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All For One by Melissa de la Cruz
Black Girl, Call Home by Jasmine Mans
Black Sun by Rebecca Roanhorse
Blastaway by Melissa Landers
Can You Keep a Secret? by Sophie Kinsella
Cloaked by Alex Flinn
Death by French Roast by Alex Erickson
Delicious in Dungeon, Volume 8 by Ryoko Kui
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In Your Shoes by Donna Gephart
Julieta and the Diamond Enigma by Luisana Duarte Armendáriz
The Library Book by Susan Orlean
Like Home by Louisa Onomé
Lost in the Never Woods by Aiden Thomas
Lullaby For Eggs: A Poem by Betty Bridgman and Elizabeth Orton Jones
The Magic Fish by Trung Le Nguyen
Mistletoe Murder by Leslie Meier
Moriarty the Patriot, Volume 3 by Ryōsuke Takeuchi
The Night Gardener by Jonathan Auxier
Orsinian Tales by Ursula K. Le Guin
A Pho Love Story by Loan Le
Raffles: The Amateur Cracksman by E.W. Hornung
Read or Alive by Nora Page
Rockridge by Robin Wolf and Tom Wolf
Samantha Spinner and the Super Secret Plans by Russell Ginns
Twins by Varian Johnson and Shannon Wright

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Lost in the Never Woods: 04/14/21

Lost in the Never Woods

Lost in the Never Woods by Aiden Thomas is a contemporary retelling / pastiche of Peter Pan by J M Barrie (1904). The source material while a personal favorite, is notably fraught with sexist, classist, and racist tropes. The last time I read Barrie's novel was 1988.

Aiden Thomas brings the novel forward to the present and moves the location from an middle class London neighborhood to Astoria Oregon. Fictional Astoria is more wooded and more wild than real world Oregon. It's also unfortunately devoid of pirates. Captain Hook et al do not make an appearance. In fact, Neverland, beyond it's reach through the Astorian woods, doesn't make an appearance.

Wendy Darling has just turned eighteen. She volunteers at the local hospital where her mother works. She plans to go to college to become an RN but her best friend is trying to convince her to aim higher.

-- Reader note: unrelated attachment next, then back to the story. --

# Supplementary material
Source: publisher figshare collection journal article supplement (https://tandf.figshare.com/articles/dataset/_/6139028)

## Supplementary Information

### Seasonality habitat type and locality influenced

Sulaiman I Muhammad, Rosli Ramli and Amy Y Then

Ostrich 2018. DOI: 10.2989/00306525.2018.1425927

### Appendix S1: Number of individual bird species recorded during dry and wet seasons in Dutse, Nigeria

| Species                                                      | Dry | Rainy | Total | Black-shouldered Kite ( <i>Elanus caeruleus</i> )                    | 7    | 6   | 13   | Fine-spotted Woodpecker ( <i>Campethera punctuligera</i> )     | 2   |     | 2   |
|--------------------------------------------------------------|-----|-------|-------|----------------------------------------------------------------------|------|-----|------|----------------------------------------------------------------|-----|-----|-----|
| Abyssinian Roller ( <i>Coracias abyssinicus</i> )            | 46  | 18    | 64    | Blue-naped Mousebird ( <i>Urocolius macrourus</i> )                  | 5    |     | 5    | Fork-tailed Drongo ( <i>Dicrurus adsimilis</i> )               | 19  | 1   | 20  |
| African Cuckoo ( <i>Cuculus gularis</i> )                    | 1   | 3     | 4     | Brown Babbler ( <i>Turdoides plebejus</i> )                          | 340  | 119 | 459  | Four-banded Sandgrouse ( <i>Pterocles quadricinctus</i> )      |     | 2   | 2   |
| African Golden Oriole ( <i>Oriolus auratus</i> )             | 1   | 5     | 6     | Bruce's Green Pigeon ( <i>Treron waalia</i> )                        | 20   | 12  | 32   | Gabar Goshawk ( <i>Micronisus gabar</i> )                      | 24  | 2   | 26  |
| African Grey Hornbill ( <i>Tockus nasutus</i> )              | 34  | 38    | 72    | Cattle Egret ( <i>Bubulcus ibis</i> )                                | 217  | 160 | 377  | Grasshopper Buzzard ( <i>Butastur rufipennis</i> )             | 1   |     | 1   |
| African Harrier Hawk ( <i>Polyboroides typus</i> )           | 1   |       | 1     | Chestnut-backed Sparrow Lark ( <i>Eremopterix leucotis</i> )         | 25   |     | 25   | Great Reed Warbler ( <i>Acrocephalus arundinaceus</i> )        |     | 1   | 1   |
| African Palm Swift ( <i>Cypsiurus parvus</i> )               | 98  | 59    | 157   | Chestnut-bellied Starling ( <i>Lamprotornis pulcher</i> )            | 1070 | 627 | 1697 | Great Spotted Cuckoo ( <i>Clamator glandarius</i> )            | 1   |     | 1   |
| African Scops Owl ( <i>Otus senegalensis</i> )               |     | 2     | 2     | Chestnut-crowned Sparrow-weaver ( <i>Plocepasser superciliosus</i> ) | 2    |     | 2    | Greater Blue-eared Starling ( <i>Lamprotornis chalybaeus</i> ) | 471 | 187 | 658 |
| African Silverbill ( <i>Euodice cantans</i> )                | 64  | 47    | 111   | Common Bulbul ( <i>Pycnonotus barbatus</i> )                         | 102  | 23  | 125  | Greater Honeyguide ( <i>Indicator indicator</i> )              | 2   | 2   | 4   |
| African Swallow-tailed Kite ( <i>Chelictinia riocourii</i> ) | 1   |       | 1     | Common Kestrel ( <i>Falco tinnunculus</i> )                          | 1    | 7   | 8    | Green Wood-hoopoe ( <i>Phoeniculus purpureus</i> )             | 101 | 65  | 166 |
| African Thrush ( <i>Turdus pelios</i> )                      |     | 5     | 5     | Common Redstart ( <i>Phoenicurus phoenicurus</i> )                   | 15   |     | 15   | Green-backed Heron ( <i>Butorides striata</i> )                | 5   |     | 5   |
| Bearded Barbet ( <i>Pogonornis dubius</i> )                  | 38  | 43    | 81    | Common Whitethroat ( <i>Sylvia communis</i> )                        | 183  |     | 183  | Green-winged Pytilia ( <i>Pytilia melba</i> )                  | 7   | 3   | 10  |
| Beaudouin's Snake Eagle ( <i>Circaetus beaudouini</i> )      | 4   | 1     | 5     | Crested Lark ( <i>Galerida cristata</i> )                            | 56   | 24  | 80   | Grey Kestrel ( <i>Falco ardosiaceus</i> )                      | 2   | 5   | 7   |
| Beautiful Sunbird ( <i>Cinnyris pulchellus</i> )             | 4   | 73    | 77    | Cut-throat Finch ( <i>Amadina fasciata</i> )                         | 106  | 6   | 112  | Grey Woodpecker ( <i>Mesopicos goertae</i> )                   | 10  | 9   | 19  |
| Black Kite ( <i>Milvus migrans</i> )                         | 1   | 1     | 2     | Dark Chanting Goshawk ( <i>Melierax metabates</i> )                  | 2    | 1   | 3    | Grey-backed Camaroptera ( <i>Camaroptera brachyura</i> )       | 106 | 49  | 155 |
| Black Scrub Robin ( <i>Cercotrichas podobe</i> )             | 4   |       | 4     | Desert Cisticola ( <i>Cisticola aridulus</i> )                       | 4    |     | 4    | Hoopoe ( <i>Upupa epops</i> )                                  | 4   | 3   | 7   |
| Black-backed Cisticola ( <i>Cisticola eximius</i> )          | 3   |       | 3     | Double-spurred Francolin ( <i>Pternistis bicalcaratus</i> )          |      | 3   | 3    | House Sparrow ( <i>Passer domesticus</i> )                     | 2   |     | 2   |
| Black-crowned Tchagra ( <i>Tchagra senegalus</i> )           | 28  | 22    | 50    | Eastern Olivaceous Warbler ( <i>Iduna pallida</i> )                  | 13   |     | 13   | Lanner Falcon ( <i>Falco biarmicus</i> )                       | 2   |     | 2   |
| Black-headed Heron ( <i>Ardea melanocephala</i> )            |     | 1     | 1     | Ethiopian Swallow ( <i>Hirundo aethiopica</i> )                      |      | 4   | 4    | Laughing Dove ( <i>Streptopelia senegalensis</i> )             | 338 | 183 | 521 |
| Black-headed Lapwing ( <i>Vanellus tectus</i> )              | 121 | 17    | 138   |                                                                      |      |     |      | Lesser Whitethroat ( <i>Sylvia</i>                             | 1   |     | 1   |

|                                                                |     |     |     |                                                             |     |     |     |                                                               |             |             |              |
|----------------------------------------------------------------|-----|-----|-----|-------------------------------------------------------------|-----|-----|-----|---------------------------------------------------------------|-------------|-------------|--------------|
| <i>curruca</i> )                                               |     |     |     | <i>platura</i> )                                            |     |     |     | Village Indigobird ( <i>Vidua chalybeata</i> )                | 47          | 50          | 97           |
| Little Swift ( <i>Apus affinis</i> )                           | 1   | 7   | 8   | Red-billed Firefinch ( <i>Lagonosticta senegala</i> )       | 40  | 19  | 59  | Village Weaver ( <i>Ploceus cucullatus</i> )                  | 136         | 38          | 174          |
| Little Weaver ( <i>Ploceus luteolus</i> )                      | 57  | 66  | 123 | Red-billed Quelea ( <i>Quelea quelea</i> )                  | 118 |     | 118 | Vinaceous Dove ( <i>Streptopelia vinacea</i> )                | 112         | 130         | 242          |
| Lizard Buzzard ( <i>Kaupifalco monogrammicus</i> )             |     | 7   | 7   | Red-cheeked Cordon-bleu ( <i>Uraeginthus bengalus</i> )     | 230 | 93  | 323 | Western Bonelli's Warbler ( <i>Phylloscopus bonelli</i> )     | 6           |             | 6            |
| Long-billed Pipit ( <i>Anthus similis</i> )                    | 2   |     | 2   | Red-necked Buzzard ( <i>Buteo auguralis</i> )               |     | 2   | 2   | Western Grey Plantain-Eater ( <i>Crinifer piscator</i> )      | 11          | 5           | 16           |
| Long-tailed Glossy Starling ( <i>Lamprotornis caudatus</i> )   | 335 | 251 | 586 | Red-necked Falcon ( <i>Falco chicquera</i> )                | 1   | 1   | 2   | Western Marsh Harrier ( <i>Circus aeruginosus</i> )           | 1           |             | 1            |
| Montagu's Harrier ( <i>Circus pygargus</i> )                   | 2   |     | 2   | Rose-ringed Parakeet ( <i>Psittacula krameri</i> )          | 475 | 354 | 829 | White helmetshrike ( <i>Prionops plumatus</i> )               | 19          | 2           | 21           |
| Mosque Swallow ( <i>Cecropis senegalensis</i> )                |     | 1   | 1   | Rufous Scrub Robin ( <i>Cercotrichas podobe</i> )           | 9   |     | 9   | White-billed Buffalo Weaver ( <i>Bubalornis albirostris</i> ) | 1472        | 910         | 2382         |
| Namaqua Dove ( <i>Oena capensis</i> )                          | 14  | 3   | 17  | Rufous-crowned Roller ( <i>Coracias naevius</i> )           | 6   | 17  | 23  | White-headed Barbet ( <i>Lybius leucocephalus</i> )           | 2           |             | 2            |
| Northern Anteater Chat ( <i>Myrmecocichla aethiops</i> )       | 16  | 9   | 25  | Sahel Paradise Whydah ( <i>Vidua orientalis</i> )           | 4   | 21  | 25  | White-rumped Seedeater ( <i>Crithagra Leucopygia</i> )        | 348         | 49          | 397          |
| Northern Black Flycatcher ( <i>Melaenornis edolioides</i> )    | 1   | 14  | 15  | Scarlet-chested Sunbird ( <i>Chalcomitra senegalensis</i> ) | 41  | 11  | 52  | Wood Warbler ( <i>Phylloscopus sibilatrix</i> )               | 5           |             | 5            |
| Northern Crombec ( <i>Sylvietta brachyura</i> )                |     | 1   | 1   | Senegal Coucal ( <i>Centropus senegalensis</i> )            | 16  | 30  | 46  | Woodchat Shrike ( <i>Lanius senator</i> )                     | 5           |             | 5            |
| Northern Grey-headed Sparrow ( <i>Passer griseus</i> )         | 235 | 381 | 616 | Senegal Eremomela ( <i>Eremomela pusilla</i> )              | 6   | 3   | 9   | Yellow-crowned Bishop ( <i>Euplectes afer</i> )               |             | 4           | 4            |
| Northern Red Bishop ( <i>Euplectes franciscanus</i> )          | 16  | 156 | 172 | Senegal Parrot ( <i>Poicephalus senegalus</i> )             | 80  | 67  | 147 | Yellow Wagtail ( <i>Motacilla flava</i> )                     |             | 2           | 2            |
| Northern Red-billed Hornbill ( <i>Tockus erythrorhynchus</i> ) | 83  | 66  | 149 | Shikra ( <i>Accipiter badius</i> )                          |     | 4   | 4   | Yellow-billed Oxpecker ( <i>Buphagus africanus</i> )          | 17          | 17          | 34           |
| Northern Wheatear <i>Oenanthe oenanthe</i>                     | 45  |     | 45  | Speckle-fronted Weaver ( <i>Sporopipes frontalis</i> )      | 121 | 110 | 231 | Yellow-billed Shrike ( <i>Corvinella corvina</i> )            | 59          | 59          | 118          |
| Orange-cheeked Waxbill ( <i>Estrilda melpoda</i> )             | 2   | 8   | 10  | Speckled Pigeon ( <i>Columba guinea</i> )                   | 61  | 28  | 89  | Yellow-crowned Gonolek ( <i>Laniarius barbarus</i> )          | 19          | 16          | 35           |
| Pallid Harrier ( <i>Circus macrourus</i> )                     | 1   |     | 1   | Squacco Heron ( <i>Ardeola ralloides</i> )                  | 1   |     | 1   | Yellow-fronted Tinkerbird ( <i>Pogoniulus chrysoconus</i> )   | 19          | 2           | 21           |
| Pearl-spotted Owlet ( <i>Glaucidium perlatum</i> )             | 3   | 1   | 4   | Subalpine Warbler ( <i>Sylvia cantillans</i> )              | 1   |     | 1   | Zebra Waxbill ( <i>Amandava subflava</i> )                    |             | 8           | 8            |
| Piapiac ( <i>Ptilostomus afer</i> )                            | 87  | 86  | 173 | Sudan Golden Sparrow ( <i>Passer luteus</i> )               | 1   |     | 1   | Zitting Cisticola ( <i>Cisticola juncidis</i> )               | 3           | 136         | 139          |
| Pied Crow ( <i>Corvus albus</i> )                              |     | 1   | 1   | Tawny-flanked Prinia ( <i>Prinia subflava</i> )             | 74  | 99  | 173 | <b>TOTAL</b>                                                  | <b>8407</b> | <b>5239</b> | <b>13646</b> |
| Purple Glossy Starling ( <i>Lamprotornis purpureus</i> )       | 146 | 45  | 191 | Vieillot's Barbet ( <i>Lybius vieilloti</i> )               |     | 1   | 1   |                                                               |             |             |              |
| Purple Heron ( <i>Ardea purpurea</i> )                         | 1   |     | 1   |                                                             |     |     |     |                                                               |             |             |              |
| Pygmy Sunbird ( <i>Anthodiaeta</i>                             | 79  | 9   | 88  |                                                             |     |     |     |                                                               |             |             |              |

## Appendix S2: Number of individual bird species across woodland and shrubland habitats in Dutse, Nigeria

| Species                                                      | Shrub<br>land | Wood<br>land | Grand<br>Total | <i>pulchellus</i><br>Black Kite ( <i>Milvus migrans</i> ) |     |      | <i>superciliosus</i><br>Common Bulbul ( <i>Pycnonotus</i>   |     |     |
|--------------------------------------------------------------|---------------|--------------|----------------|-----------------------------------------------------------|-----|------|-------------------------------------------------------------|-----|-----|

Wendy, though, is burned out, haunted by the lasting effects of being the only child to return after she and her brothers went missing five years ago. She has no memories of her ordeal beyond that of a gnarled old tree and the figure of a boy. Both she draws obsessively.

Then new children start disappearing and a familiar boy appears on her drive home. Peter Pan has come to Astoria. Like in the original, he's lost his shadow and needs Wendy to reattach it. This time, though, the shadow is more powerful and it's evil. It's a side of Peter Pan that brings to mind the Peter Pan arc in Once Upon a Time.

Aiden Thomas returns to the themes of family, death, and loss. This time, though, there is no romance beyond a brief infatuation that Wendy feels for Peter as he ages into early adulthood. Instead the focus is on allowing oneself to grieve and how families struggle to continue living after the loss of a child (or children).

With the exception of Wendy (and perhaps her mother, if Peter's stories can be believed), lost kids (no longer just boys) don't come back from Neverland. They might leave and move on, but they don't return.

A chart showing the relative placements of Peter Pan and Lost in the Never Woods on the Road Narrative Spectrum

Both Peter Pan and Lost in the Never Woods sit on the road narrative spectrum. Where they sit, though, reflects on their different thematic cores. Peter Pan is about siblings (CC) traveling to a magical land, a utopia (FF), via an offroad route (flying to the second star on the right and straight on to morning) (66).

Lost in the Never Woods, meanwhile, is about a scarecrow/minotaur team (99) where Wendy wants to rescue her brothers and Peter is the embodiment of Neverland. To accomplish her goal, Wendy must recover her memories, a form of traveling to uhoria (CC). Wendy and Peter's route is through the cornfield, or more specifically the tkaronto. It's a journey through liminal space and time.

Four stars

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